By Dan Gifford
26 May 2009
A prominent politician accustomed to the bare knuckle realities of that world once gave me what he said was the best advice anyone ever gave him: When accused, deny everything, admit nothing and make counter accusations. That politician was “Big Tommy” (aka “Old Tommy”) D’Alesandro, a former Maryland US Congressman and Mayor of Baltimore. Today, he’s better known as House Speaker Nancy Pelosi’s father. And as I listen to her denials and counter charges about what she claims the CIA did or didn’t tell her about its use of “enhanced interrogation,” it occurred to me that daddy certainly gave his daughter the same counsel he gave me almost fifty years ago. Whether he would approve of her using his advice to undercut part of the national defense against terrorists trying to murder millions of Americans in order to cover up her own apparent prevarication, ineptness or memory loss is another matter.
Thomas “Big Tommy” D’Alesandro is sworn in as Mayor of Baltimore in 1947 on a Bible held by daughter Nancy.
What I understood Pelosi’s father to mean was that the best defense is a good offense against those seeking your destruction for their own political gain. However, he must have recognized that political survival tactic had its limits, because “Big Tommy” was a man with a history of putting community safety and national defense first even at the risk of his own political career, a principle daughter Nancy does not appear to share.
He had opposed the Klu Klux Klan, among other groups, in battles against separate but unequal racism in Baltimore when Jim Crow was quite popular. He had made radio broadcasts in Italian urging his piasons to reject Benito Mussilini and anti-Semitism at a time when both were more popular than can be imagined today. On the flip side, D’Alesandro was part of a political moral dichotomy in which Baltimore politicians, police and judges received alleged cash payoffs with one hand while they kept organized crime and street criminals under tight control with the other. That was not always accomplished via genteel means.
“Enhanced interrogation” at the cop shop was freely employed then using the three languages hardcore criminals understand: Loud, fear and pain. Brutal? Unconstitutional? Maybe so. But contrast the relative calm of that Baltimore past with the present dystopian one filled with murderous drug dealers and street criminals which was so accurately portrayed for years in “The Wire” HBO TV series. Now fast forward and compare the national domestic calm of the last eight years with the alternative of bloody attacks which the CIA says its interrogators stopped by forcing terrorists to talk. Somehow, Nancy Pelosi missed her father’s presumed lesson about community security being more important than political pettiness.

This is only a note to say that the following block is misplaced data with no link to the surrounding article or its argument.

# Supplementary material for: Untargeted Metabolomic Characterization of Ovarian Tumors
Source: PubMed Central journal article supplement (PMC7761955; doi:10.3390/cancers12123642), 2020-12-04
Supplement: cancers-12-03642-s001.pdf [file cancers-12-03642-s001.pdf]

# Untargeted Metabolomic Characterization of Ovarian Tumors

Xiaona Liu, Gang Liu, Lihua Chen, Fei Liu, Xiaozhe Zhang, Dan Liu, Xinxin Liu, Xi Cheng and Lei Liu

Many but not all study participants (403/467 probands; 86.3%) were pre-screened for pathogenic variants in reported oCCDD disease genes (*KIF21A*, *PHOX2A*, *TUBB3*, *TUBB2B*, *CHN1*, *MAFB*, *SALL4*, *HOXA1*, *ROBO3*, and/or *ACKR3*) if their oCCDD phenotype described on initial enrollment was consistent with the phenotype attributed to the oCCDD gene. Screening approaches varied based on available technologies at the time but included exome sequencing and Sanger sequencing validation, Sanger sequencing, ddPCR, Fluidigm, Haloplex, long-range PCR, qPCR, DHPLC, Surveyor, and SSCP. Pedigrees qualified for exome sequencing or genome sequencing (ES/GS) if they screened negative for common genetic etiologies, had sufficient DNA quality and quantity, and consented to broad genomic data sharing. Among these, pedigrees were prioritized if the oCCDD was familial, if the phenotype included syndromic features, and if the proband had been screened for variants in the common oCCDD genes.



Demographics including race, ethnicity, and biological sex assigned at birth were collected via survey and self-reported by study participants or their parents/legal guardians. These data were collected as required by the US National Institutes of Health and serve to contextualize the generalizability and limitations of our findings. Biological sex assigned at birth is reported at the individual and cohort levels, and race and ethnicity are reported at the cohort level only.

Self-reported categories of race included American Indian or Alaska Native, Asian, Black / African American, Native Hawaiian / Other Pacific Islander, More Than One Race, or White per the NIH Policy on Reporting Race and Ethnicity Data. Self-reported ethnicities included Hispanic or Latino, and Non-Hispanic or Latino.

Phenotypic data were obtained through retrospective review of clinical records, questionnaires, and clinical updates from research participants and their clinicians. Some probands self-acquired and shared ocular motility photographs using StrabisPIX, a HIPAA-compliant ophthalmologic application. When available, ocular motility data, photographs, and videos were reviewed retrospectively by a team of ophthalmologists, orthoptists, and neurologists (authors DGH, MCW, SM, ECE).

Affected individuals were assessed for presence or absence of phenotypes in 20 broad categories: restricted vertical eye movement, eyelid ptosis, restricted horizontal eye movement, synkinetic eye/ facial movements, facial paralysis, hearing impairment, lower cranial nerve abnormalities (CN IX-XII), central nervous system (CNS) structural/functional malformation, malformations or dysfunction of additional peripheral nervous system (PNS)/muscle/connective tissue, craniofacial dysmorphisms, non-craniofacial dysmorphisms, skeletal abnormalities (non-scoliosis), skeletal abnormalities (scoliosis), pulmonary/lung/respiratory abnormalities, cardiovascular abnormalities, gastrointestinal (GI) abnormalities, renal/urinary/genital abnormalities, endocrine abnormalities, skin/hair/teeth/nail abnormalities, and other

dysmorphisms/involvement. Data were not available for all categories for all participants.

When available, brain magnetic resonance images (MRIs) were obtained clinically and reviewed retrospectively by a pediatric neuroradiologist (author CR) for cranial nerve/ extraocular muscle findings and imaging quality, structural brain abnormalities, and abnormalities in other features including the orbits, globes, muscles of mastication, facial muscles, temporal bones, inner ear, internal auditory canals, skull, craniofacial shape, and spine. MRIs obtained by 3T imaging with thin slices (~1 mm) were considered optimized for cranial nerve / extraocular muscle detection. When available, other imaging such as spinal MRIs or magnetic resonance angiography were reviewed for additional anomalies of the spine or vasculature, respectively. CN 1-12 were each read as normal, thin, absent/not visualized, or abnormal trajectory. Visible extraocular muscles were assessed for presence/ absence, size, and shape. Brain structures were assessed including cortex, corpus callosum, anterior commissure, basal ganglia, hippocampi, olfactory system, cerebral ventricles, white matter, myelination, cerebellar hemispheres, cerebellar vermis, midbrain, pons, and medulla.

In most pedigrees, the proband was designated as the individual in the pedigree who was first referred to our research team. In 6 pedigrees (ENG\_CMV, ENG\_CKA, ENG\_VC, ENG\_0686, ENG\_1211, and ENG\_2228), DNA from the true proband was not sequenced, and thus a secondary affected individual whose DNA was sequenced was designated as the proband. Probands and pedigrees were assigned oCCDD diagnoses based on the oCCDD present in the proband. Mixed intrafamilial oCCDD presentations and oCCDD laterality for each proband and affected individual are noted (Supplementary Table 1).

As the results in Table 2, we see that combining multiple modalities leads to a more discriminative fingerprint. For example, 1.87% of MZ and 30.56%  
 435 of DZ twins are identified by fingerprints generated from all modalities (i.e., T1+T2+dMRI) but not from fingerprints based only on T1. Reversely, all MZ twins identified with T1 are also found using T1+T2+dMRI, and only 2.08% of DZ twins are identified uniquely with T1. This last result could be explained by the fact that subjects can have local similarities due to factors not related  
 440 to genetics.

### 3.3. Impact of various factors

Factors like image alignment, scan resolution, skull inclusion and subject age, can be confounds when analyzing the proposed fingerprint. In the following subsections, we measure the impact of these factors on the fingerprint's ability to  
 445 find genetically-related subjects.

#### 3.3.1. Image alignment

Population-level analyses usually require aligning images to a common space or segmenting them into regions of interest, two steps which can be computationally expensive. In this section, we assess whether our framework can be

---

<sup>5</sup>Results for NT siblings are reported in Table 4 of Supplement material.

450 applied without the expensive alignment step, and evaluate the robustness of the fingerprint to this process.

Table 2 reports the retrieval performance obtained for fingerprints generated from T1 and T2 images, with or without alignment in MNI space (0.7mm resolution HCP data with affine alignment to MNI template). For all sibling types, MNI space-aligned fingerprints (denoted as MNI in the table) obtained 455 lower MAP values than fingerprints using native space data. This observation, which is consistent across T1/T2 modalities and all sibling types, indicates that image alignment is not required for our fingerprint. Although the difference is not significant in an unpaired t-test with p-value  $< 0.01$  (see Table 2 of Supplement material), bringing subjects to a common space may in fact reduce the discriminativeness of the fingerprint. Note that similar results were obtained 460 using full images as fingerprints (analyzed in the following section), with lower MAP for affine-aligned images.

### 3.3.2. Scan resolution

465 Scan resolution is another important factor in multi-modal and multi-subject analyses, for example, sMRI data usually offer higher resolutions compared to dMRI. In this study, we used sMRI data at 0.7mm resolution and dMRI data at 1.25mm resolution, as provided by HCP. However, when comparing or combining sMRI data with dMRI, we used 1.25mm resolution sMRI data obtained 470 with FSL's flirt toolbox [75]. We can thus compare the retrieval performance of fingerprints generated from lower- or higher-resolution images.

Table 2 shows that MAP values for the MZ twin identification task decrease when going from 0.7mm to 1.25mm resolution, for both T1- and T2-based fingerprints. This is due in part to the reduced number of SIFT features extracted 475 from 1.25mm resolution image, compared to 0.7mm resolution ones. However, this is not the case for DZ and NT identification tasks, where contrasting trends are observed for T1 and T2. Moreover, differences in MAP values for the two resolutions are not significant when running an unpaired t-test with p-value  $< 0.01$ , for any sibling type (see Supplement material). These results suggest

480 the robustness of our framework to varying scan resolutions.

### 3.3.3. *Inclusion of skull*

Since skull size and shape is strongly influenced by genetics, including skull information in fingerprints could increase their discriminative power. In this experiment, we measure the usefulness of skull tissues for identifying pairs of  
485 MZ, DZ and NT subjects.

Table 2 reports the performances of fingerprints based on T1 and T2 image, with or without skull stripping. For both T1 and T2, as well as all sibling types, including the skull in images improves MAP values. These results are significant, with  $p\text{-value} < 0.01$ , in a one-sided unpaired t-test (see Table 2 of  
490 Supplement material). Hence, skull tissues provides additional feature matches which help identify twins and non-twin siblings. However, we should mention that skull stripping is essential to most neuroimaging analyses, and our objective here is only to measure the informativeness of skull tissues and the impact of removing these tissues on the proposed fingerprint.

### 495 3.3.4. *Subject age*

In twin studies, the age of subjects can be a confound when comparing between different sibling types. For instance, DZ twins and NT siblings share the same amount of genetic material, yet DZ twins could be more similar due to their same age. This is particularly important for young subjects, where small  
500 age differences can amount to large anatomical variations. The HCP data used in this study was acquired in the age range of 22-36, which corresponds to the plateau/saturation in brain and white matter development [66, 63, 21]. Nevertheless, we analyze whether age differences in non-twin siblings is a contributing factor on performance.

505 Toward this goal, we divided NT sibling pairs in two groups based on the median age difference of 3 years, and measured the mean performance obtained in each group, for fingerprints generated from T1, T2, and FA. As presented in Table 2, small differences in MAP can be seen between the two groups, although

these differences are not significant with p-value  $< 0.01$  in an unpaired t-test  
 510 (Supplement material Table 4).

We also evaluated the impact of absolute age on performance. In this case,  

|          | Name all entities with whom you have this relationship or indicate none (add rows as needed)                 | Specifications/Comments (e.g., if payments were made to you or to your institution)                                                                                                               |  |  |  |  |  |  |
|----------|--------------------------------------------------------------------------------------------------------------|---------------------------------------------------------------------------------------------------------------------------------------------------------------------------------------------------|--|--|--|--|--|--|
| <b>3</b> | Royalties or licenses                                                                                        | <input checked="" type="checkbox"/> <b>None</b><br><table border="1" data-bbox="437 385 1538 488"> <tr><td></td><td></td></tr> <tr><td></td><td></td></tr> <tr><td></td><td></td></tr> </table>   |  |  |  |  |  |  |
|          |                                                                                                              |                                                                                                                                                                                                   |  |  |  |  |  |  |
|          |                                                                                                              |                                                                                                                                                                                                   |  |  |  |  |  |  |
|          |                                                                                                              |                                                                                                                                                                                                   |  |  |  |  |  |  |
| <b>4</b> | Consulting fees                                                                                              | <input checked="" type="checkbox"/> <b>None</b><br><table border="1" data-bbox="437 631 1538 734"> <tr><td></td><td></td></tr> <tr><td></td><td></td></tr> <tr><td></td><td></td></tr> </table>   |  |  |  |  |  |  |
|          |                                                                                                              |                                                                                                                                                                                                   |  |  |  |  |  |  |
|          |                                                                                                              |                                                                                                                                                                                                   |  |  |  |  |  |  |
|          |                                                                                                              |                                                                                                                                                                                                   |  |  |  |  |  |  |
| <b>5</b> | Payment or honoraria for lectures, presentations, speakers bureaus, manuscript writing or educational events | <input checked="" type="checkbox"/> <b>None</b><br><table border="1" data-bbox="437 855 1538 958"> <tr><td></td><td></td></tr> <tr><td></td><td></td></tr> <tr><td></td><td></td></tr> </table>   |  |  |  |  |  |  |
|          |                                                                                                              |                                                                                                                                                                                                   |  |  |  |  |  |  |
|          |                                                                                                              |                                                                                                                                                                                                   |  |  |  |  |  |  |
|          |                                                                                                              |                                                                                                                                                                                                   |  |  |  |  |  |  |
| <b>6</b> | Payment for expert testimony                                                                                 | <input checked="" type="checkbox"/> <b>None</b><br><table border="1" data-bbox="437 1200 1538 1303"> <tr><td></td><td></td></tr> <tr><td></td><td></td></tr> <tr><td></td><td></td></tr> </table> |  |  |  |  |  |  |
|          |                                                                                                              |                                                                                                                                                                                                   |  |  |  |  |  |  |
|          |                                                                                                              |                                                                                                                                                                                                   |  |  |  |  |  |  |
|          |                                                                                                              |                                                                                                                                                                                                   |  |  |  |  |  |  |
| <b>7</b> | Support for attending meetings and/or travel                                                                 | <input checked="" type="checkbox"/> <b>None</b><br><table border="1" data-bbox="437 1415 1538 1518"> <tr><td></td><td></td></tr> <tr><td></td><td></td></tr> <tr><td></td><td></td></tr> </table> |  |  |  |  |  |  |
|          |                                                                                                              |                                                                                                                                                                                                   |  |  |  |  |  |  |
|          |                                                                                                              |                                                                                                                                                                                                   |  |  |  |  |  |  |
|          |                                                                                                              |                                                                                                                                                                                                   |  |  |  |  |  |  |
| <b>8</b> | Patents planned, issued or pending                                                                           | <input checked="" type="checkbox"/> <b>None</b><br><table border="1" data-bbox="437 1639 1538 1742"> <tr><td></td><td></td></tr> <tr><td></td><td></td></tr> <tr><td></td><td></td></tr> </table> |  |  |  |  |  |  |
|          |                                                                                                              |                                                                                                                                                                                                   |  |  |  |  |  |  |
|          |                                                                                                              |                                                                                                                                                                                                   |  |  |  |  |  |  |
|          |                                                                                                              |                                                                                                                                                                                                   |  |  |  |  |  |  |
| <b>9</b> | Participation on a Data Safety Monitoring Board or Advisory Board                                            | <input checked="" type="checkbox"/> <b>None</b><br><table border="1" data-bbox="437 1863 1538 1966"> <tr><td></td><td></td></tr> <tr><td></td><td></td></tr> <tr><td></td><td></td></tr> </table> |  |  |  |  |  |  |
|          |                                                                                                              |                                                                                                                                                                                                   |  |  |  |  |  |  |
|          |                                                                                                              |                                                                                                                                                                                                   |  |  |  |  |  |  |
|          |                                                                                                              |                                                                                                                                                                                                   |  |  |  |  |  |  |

I met Pelosi’s father shortly after moving to Baltimore from North Carolina during the early 60s. The introduction was made by Greg Binicki, a guy who became a friend after helping me in a street fight against some neighborhood characters seeking to test the new kid on the block. Greg needed help each week delivering envelopes he would collect at union headquarters and other places to people in Baltimore’s city hall, police department and courts. The recipients all wanted their envelopes ASAP, but the number getting them had expanded to the point that he could not make the appointed rounds fast enough to stifle the kvetching. So for twenty bucks, decent weekly money for a teenager then, I rolled off the turnip truck I rode into town and signed on.
After being introduced around, learning the routes and being repeatedly told by serious men that my task was to deliver the envelopes, not to wonder what was in them or to talk to anyone about them, I found myself with a pretty easy job that included lots of side benefits like the good will of important people and free food at some of Baltimore’s best restaurants — and Baltimore had some truly great eating places. That’s why I was always glad to find an envelope I’d know was for D’Alesandro in my stack and head for his drop at Sabatino’s in Baltimore’s Little Italy.
If Sabatino’s sounds familiar, it’s the same restaurant where Nixon Vice President and former Maryland governor Spiro Agnew was later revealed to have received his payoffs while an elected state official. According to Agnew, everybody in Maryland politics got payoffs and it wouldn’t surprise me if they still do.